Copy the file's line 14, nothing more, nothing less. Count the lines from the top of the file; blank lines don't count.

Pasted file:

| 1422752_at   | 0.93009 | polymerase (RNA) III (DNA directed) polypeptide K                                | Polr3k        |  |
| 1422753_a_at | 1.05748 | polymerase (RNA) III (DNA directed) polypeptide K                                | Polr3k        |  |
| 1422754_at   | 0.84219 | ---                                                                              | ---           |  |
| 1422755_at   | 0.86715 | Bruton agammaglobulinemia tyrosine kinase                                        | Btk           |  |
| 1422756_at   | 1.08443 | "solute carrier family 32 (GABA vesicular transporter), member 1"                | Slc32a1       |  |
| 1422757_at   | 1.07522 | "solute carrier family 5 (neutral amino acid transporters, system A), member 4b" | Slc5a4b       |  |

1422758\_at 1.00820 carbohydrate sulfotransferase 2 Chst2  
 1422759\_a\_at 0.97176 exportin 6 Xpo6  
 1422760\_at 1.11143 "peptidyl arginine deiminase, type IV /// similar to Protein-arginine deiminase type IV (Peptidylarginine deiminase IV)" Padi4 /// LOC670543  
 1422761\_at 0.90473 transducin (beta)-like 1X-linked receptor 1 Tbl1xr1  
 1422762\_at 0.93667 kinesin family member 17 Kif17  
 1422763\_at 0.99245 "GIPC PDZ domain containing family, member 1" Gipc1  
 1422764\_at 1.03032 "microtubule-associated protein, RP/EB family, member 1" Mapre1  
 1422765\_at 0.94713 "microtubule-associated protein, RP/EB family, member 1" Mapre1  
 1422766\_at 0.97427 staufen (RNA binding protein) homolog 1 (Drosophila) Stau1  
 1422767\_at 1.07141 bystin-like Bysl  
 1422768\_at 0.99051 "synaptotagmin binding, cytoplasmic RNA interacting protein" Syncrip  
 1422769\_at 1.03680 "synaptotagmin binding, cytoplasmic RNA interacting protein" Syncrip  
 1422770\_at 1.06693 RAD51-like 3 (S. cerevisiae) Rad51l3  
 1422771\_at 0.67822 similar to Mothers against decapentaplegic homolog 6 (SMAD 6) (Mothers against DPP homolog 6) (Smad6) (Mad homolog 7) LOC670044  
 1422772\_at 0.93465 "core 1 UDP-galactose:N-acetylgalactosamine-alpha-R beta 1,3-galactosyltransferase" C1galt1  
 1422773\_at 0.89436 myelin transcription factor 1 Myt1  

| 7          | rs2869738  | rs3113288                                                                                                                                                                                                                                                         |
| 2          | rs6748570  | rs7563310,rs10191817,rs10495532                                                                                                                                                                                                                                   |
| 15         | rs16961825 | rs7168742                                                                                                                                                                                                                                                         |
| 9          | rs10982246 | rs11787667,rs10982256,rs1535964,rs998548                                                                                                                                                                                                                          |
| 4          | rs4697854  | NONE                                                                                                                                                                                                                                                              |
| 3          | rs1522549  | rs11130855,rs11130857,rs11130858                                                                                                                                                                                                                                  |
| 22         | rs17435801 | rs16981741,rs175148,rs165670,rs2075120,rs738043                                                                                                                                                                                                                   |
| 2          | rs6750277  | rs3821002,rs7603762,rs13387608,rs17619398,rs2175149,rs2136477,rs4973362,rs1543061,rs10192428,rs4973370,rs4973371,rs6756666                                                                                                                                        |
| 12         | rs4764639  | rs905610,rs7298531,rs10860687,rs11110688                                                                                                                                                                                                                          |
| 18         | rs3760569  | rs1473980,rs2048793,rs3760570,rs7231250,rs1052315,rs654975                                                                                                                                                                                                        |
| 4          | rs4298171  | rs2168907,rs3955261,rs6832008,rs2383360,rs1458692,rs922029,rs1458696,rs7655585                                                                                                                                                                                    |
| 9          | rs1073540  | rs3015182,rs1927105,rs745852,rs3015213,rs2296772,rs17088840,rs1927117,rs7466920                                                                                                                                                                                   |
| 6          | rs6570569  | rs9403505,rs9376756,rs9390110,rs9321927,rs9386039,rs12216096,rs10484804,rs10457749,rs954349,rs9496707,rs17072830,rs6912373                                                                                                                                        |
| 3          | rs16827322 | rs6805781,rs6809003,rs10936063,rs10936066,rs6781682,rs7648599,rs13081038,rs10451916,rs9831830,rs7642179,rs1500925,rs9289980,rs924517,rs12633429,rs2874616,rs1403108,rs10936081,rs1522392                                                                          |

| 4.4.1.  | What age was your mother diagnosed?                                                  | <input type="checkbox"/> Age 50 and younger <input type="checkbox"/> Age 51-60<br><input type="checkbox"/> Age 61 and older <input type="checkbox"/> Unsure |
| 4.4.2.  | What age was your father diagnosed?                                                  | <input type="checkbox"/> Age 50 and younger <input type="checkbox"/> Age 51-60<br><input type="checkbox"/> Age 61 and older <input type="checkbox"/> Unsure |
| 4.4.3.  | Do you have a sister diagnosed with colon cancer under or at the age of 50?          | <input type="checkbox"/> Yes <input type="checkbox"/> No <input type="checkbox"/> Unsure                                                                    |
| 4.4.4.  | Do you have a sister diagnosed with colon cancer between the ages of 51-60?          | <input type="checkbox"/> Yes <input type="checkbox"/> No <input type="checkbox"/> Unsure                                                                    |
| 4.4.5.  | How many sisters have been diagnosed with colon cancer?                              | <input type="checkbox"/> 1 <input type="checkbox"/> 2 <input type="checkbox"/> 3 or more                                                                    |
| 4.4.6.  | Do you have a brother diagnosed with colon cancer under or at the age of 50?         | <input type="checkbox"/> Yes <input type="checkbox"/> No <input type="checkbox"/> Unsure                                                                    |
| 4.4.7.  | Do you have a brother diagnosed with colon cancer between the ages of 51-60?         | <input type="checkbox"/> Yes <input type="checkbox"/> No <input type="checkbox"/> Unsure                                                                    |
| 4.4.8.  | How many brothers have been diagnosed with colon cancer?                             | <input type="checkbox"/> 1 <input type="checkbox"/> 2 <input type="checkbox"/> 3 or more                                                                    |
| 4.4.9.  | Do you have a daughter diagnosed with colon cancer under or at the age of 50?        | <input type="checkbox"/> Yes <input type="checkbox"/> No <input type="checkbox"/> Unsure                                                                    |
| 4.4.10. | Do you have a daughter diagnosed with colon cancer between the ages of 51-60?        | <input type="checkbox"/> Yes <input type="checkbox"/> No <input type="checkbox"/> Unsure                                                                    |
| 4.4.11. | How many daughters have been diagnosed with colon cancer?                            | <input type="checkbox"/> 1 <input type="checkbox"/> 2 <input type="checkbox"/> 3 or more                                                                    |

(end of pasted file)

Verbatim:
 1422765\_at 0.94713 "microtubule-associated protein, RP/EB family, member 1" Mapre1  